While parents shop at Meijer, cartoon screens keep kids distracted — but some adults aren’t too amused
by Alexa Stanard
Grocery shopping is easier for harried parents when their young children don’t beg for constant attention. At least that’s the idea behind Meijer’s video-equipped shopping carts. In addition to holding milk, Kix, and kids, the carts carry screens that play a video loop of popular TV shows.
“They’re trying to entertain kids to extend the shopping period — keeping moms in stores longer so, of course, they buy more,” says Jeff Hershey, president of Jeff Hershey Consulting, a retail market-research company. “I think it’s a combination with trying to differentiate yourself between other players in the market.”
Stacie Behler, a spokeswoman for Grand Rapids-based Meijer, says the company has gotten only positive feedback since its trial run at an Indianapolis store last year. The program has since expanded to 80 stores, many in southeast Michigan; each store has as many as five cartoon carts.
“It provides an opportunity for busy moms and dads to shop while kids are watching Bob the Builder or Dora the Explorer or The Wiggles,” Behler says. “It’s a program that gets our customers a little more relaxed while shopping.”
The videos show no ads. However, the ubiquity of electronic distractions for kids should be met with concern, says Eric Herman, a clinical psychologist at Children’s Hospital of Michigan in Detroit.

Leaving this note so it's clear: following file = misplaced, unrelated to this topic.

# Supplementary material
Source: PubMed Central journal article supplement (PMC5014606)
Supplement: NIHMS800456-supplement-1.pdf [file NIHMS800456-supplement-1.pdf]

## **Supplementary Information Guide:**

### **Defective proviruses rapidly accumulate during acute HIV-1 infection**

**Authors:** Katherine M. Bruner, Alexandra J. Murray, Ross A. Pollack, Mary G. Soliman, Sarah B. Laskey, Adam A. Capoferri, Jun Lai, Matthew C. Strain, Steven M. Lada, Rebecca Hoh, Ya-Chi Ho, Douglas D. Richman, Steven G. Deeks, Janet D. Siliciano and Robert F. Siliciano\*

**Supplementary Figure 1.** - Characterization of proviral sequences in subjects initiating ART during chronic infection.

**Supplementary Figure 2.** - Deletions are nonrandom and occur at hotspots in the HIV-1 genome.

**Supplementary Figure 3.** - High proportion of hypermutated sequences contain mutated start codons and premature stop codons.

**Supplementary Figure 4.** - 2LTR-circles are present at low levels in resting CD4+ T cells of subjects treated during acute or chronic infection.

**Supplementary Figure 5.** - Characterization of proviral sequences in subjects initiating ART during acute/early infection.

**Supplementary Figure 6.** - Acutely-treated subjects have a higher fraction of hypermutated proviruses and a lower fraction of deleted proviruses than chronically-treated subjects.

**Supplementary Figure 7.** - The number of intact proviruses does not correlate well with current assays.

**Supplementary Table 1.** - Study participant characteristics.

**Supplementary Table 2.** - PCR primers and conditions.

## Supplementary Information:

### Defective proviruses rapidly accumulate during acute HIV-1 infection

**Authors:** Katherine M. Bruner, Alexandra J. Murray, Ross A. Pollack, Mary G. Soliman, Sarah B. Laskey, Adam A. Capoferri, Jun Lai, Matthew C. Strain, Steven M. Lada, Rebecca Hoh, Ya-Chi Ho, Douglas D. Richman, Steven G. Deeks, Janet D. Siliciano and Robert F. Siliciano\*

“[Shopping with small children] is a difficult situation for parents, but for kids to be healthy, parents have to actively work that out,” he says. “This is how kids learn, not by being super-distracted and avoiding the situation. If the kids are busy with the video and are quiet, that doesn’t mean they’re well behaved. It doesn’t mean anything other than they’re distracted.”
Herman says shopping has traditionally been a time for learning. You learned, for example, “what mom was buying, how to take ‘no’ for an answer, about coupons and money,” he says. “If they’re not interacting, how are they learning?”
The same may go for family vacations in screen-equipped vehicles. The sightseeing part is questionable. But, like quality tires and air conditioning, video screens do make for a quieter ride.